Cerulli Associates anticipates a migration of $68 trillion to the next generation over the next 20 years. There are a number of things both parents and children should do to prepare if they expect to be part of this historic transgenerational wealth transfer.
Steps for Parents
1. Ensure Your Estate Plan Is Up To Date
Planning for what happens to your estate after you die should be an integral aspect of your overall financial management strategy that can:
- prevent unintended beneficiaries (including the government or a divorcing spouse)
- protect families with young children
- spare heirs a big tax bite
- provide assurance at a difficult time
- prevent family squabbles by outlining your wishes.
2. Educate Your Children
A TIAA Institute survey finds only 11% of Millennials display a “high level of financial literacy” so starting to educate them early will help the younger generations develop confidence around wealth management and finances.
- For teens, teach basic financial principles including saving, spending, and budgeting towards financial goals
- For young adults, expand that conversation to include managing, investment, legal, retirement, tax, and their own estate considerations.
If you’re planning to leave your children a substantial legacy, strategize with them some good uses for the money but above all, be sure to share with your children the fact that they will one day receive an inheritance. If not, you run the risk of financial missteps, or “Sudden Wealth Syndrome” if they find themselves unexpectedly wealthy.
3. Prioritize Your Will
Has it been a while since you updated your will? If not, it’s time to make the call to your advisor. You’re never too young to have a will, especially if you have children. Your will is a strategic way to reduce estate taxes and facilitate more efficient wealth transfers.
4. Keep Your Documents & Files in Order
Organize your documents and store them in one location. Scan and create digital files so you’ve got hard and electronic copies. You’ll want to keep information like account statements, share certificates, business interest documents, life insurance, revolving accounts, loan/mortgage paperwork, wills, power of attorney, and beneficiary designations together.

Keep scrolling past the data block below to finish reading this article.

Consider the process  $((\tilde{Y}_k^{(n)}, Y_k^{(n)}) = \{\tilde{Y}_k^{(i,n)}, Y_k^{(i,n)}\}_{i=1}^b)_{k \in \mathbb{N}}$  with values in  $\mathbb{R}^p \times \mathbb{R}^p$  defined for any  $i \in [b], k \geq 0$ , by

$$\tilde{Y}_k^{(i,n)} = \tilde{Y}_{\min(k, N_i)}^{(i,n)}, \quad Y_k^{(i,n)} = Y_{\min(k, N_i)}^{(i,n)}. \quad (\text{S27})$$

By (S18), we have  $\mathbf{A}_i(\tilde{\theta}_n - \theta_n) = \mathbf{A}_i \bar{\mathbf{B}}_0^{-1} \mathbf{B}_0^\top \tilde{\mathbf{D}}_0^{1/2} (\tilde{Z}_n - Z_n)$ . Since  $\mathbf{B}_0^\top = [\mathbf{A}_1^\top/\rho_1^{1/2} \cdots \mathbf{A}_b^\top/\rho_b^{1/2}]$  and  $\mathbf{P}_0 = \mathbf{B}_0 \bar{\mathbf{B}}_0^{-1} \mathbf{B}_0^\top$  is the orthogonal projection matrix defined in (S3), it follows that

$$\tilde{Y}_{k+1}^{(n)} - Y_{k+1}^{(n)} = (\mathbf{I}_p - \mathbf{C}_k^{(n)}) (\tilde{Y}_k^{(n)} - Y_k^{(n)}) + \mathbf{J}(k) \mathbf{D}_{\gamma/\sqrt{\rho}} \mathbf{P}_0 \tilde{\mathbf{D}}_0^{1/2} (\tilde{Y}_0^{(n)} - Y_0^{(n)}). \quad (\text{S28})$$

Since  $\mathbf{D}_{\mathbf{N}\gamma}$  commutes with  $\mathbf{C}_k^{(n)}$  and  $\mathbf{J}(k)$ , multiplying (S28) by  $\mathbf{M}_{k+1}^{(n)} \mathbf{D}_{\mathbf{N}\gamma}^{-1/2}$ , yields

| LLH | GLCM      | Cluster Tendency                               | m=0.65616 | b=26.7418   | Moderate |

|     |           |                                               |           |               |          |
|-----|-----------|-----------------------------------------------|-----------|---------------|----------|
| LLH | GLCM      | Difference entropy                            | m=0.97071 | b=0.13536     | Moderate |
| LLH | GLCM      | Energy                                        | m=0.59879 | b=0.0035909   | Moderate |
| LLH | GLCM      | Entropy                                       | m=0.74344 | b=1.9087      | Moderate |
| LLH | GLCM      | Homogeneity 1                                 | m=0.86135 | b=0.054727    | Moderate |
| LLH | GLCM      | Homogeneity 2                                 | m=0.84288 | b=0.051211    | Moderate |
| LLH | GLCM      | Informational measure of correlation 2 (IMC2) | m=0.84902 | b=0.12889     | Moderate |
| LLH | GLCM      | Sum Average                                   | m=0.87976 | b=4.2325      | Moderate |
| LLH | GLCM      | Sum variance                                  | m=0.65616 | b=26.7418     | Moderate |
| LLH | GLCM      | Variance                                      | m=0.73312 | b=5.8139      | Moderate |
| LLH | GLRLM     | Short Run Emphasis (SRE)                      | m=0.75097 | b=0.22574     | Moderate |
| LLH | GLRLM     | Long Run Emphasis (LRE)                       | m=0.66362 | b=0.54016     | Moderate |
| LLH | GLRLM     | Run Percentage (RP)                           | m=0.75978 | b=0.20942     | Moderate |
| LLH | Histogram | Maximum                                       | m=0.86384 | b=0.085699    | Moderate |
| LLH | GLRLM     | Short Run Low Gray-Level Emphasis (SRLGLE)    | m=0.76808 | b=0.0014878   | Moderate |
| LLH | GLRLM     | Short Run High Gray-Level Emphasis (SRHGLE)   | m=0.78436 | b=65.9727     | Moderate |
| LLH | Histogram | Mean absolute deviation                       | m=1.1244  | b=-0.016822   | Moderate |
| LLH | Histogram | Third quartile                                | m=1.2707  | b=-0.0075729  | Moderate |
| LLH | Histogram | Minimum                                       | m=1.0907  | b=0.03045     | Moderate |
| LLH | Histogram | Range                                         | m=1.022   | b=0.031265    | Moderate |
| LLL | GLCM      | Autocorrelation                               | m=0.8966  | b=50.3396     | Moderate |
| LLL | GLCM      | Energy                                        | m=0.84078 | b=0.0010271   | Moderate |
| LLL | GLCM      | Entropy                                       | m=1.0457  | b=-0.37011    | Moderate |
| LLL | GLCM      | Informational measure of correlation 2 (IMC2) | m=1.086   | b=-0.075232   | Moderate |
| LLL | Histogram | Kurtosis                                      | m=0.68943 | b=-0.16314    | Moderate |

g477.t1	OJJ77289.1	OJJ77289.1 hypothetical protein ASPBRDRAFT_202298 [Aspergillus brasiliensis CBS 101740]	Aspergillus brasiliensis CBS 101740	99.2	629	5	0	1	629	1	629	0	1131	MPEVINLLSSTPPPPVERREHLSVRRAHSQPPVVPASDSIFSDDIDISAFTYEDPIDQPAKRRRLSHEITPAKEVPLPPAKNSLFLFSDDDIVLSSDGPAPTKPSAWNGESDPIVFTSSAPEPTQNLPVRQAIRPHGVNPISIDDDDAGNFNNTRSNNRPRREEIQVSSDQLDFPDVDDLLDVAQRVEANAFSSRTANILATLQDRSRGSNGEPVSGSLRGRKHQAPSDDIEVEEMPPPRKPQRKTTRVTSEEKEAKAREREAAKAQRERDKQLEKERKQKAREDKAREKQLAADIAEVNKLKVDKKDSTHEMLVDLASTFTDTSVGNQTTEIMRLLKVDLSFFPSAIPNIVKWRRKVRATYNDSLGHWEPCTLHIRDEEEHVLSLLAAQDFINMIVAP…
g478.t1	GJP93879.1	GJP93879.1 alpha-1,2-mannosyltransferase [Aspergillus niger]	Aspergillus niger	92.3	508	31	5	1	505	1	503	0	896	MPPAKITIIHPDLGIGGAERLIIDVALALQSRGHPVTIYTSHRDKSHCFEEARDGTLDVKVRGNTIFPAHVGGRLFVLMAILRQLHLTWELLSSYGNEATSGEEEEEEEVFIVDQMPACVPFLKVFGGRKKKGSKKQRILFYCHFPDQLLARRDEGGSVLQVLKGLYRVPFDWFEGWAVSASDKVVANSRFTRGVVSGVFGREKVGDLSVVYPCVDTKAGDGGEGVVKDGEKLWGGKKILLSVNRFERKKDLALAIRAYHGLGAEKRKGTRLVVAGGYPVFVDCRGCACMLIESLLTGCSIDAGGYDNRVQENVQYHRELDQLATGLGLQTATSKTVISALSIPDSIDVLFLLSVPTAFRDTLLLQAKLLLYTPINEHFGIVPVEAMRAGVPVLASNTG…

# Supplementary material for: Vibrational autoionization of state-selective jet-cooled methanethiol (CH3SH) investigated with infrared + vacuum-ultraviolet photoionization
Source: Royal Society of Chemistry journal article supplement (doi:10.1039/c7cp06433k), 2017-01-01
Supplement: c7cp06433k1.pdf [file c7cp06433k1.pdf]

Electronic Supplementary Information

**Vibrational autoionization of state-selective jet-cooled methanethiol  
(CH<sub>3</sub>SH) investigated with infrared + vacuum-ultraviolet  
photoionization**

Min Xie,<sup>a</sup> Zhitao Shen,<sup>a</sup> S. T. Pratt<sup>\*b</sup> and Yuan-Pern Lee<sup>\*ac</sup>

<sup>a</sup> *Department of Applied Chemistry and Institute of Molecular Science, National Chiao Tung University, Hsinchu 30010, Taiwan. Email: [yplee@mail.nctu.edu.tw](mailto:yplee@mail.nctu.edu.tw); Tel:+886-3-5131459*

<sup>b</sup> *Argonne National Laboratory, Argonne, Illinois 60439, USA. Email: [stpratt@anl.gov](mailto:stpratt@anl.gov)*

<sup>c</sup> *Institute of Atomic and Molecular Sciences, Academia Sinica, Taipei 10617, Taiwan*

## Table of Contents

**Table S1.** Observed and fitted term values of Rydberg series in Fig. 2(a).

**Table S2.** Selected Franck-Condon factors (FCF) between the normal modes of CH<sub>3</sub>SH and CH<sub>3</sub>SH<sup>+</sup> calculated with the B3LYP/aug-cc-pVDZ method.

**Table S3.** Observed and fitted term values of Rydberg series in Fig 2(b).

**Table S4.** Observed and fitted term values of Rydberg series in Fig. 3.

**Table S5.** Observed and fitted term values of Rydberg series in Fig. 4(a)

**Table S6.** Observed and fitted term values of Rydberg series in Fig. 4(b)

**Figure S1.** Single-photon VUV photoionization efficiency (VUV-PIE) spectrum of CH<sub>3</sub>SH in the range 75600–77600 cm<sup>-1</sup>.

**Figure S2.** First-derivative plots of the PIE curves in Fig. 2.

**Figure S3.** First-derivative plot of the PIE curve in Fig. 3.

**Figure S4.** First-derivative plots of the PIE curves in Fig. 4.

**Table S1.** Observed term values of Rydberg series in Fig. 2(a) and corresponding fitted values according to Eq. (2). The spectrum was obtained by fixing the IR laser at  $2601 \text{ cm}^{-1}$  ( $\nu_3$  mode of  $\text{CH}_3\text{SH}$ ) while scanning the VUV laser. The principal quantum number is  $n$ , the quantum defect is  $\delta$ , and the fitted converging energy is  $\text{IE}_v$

Steps for Beneficiaries
If you’re on the receiving end of an inheritance or financial gift, take the time to develop a strategy for your windfall.
1. Take Stock of Where You Are Now
Take inventory of your current investment and savings accounts, including 401(k) or 403(b) accounts or Roth IRAs. This will help you get all your ducks in a row so you can begin building on what you already have in place.
2. Make Sure You Have A Good Team
Be sure you have a trusted team behind you to help you navigate this difficult time. An attorney can help you through the probate process and a CPA or tax professional can offer recommendations on how to reduce tax burdens. Of particular importance will be a financial advisor, who can not only help facilitate the transfer of wealth, but also help you plan for your and your family’s future. Choose an advisor who can demonstrate that they will always act in your best interest.
3. Develop a Comprehensive Financial Plan
Creating a customized Financial Plan acts as a roadmap, or a master plan to help you achieve your financial goals. It takes a big picture look at your overall financial situation, including income, debts, savings and cash flow. It also considers insurance needed to protect assets, retirement and estate planning, long-term investment and tax strategies, which will be especially important after receiving an inheritance. Your financial advisor will be key to helping you stay on track to reach your goals.
Speak to Your TAG Trusted Advisor
Whether you’re preparing to transfer your wealth—or you’re the beneficiary of an inheritance—we encourage you to speak to a trusted financial advisor. At TAG, we guide our clients on Trust and Estate Planning, Transgenerational Wealth Planning™ and Financial Planning. Talk to your TAG financial advisor today to discuss possible tax-efficient strategies for transferring wealth to your heirs.